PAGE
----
Profit: The income remaining after all business expenses are paid.

Providers of bundled retail energy: Similar to full service providers, except for their operation in deregulated markets, as in Texas (Retail Electricity Providers).

PSC: Public service commission.

PSI: Pounds per square inch A normal measure of pressure.

Public authority service to public authorities: Public authority service includes electricity supplied and services rendered to municipalities or divisions or agencies of state or federal governments, under special contracts or agreements or service classifications applicable only to public authorities.

Public street and highway lighting: Public street and highway lighting includes electricity supplied and services rendered for the purposes of lighting streets, highways, parks, and other public places; or for traffic or other signal system service, for municipalities, or other divisions or agencies of State or Federal governments.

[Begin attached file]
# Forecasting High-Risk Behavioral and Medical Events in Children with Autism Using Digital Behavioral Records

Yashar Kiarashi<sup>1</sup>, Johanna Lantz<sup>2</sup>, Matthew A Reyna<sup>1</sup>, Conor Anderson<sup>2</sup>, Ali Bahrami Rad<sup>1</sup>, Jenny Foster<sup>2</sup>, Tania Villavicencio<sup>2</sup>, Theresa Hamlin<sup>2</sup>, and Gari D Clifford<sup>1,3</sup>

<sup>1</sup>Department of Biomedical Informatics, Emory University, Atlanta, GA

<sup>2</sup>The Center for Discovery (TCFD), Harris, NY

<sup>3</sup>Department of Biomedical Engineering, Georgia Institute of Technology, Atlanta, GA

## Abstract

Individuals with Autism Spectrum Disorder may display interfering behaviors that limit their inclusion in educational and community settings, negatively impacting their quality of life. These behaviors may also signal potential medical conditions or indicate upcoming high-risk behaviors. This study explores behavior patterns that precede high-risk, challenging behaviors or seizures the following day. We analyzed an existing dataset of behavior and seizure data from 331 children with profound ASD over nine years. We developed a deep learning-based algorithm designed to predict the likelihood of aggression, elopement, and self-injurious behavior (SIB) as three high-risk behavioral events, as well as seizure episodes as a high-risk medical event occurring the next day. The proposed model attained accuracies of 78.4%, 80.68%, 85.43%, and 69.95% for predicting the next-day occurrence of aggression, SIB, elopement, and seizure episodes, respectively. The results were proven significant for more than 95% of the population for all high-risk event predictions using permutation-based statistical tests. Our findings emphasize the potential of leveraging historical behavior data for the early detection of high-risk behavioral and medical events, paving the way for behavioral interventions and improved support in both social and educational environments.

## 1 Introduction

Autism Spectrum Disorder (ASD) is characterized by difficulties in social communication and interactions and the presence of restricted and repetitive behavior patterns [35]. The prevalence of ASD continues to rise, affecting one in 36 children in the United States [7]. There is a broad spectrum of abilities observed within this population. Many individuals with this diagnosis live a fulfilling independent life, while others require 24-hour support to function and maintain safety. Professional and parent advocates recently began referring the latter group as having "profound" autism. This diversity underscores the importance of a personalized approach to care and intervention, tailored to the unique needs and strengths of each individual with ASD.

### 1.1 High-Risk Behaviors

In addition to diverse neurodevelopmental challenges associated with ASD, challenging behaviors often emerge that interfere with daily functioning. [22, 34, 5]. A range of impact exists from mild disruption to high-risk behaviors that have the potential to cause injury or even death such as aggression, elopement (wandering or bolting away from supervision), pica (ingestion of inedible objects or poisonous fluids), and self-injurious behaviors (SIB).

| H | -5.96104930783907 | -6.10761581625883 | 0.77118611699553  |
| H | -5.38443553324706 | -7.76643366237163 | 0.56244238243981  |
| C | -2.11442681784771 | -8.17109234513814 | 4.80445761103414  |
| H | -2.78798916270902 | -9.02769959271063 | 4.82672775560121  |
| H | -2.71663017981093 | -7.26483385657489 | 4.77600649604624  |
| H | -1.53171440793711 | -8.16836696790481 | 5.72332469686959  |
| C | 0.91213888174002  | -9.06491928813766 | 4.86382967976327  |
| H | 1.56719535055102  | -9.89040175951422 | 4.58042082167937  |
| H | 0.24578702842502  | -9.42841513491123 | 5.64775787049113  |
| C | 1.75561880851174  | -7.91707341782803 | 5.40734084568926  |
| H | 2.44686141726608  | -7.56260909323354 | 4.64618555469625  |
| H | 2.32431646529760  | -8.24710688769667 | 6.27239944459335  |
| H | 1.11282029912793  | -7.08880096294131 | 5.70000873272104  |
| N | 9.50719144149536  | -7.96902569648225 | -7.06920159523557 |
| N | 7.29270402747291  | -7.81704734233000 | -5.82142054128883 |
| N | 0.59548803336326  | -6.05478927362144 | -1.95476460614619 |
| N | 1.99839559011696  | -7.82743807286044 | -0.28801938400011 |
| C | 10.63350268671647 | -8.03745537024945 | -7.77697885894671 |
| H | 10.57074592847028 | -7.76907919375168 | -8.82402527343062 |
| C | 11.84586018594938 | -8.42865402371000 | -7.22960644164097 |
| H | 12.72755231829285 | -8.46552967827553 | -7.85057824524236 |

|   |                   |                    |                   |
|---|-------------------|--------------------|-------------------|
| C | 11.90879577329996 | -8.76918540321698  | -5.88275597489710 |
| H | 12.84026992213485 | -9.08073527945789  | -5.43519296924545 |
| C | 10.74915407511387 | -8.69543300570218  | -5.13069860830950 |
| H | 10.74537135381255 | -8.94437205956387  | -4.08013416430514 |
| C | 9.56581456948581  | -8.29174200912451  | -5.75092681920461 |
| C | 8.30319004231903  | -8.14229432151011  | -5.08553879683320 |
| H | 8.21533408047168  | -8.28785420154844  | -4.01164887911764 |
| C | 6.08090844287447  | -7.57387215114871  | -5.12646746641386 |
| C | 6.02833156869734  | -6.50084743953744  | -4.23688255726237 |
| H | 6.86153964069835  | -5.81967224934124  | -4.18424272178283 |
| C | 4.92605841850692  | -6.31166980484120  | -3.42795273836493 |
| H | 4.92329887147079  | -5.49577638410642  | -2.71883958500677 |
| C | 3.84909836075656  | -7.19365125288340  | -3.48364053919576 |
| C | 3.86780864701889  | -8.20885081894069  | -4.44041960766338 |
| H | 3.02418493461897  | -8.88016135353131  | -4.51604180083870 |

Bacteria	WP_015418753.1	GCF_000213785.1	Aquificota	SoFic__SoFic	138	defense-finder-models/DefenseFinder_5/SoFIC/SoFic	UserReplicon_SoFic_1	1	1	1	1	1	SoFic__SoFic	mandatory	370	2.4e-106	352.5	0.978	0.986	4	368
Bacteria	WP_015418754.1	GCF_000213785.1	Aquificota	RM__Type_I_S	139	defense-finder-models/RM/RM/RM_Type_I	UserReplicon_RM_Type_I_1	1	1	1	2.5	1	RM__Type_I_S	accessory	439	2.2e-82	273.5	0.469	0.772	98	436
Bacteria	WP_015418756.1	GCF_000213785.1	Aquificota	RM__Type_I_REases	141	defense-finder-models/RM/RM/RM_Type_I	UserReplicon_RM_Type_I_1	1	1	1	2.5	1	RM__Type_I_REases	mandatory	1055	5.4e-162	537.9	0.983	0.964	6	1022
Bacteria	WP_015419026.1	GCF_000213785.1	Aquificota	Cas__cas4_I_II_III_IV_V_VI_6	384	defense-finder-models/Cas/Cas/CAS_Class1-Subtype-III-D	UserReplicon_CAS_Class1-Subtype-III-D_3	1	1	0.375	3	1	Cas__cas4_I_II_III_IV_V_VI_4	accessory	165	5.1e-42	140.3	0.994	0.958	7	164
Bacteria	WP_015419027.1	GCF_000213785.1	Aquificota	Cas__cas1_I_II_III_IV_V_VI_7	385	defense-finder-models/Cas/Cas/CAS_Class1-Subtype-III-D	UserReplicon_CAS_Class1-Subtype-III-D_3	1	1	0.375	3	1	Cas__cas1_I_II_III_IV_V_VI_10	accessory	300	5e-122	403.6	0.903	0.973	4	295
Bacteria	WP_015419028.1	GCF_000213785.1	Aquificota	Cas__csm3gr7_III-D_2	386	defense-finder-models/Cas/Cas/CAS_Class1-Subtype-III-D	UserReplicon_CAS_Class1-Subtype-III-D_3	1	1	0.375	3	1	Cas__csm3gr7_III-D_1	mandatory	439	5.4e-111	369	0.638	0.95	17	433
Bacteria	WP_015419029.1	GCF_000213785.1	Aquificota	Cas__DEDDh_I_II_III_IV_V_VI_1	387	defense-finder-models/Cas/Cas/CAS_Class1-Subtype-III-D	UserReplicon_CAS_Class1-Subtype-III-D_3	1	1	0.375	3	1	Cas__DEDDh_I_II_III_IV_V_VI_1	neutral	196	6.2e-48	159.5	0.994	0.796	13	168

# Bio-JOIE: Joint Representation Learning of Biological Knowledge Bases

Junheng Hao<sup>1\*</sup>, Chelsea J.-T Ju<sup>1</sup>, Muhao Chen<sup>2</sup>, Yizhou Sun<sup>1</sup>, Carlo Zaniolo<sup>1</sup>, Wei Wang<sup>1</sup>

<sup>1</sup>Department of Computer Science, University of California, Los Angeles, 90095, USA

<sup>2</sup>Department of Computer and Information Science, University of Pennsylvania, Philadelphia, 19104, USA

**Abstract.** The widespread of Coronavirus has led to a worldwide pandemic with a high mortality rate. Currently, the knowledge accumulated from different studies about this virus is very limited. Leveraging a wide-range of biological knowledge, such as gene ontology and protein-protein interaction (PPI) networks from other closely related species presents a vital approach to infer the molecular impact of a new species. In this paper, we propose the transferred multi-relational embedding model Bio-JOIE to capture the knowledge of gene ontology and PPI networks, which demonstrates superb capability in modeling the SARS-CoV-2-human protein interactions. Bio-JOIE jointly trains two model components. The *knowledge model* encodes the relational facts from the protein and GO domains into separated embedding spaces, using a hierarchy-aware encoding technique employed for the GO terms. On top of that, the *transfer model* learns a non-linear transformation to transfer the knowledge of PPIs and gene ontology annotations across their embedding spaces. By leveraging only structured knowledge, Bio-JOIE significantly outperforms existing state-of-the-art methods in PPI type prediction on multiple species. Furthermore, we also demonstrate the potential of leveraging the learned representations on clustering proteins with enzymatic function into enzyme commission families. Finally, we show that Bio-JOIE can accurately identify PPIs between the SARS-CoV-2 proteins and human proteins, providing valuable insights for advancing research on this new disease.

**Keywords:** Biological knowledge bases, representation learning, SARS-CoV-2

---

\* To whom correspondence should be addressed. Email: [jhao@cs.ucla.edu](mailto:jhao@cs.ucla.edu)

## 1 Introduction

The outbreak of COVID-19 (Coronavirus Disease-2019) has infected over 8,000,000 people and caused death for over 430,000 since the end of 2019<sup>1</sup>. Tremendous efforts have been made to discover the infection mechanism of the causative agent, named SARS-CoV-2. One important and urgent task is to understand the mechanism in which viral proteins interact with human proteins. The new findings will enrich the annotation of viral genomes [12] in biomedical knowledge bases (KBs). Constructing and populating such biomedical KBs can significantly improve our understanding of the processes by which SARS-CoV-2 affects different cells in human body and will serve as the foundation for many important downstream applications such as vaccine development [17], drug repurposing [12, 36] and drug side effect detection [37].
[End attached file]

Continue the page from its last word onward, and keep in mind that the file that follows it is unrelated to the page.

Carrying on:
PUHCA: Public Utilities Holding Company Act of 1935.

Pumped-storage hydroelectric plant: A plant that usually generates electric energy during peak-load periods by using water previously pumped into an elevated storage reservoir during off-peak periods when excess generating capacity is available to do so. When additional generating capacity is needed, the water can be released from the reservoir through a conduit to turbine generators located in a power plant at a lower level.

Purchased power adjustment: A clause in a rate schedule that provides for adjustments to the bill when energy from another electric system is acquired and it varies from a specified unit base amount.

Pure pumped-storage hydroelectric plant: A plant that produces power only from water that has previously been pumped to an upper reservoir.

PURPA: The Public Utility Regulatory Policies Act of 1978. This statute requires states to implement utility conservation programs and create special markets for co-generators and small producers who meet certain standards, including the requirement that states set the prices and quantities of power the utilities must buy from such facilities.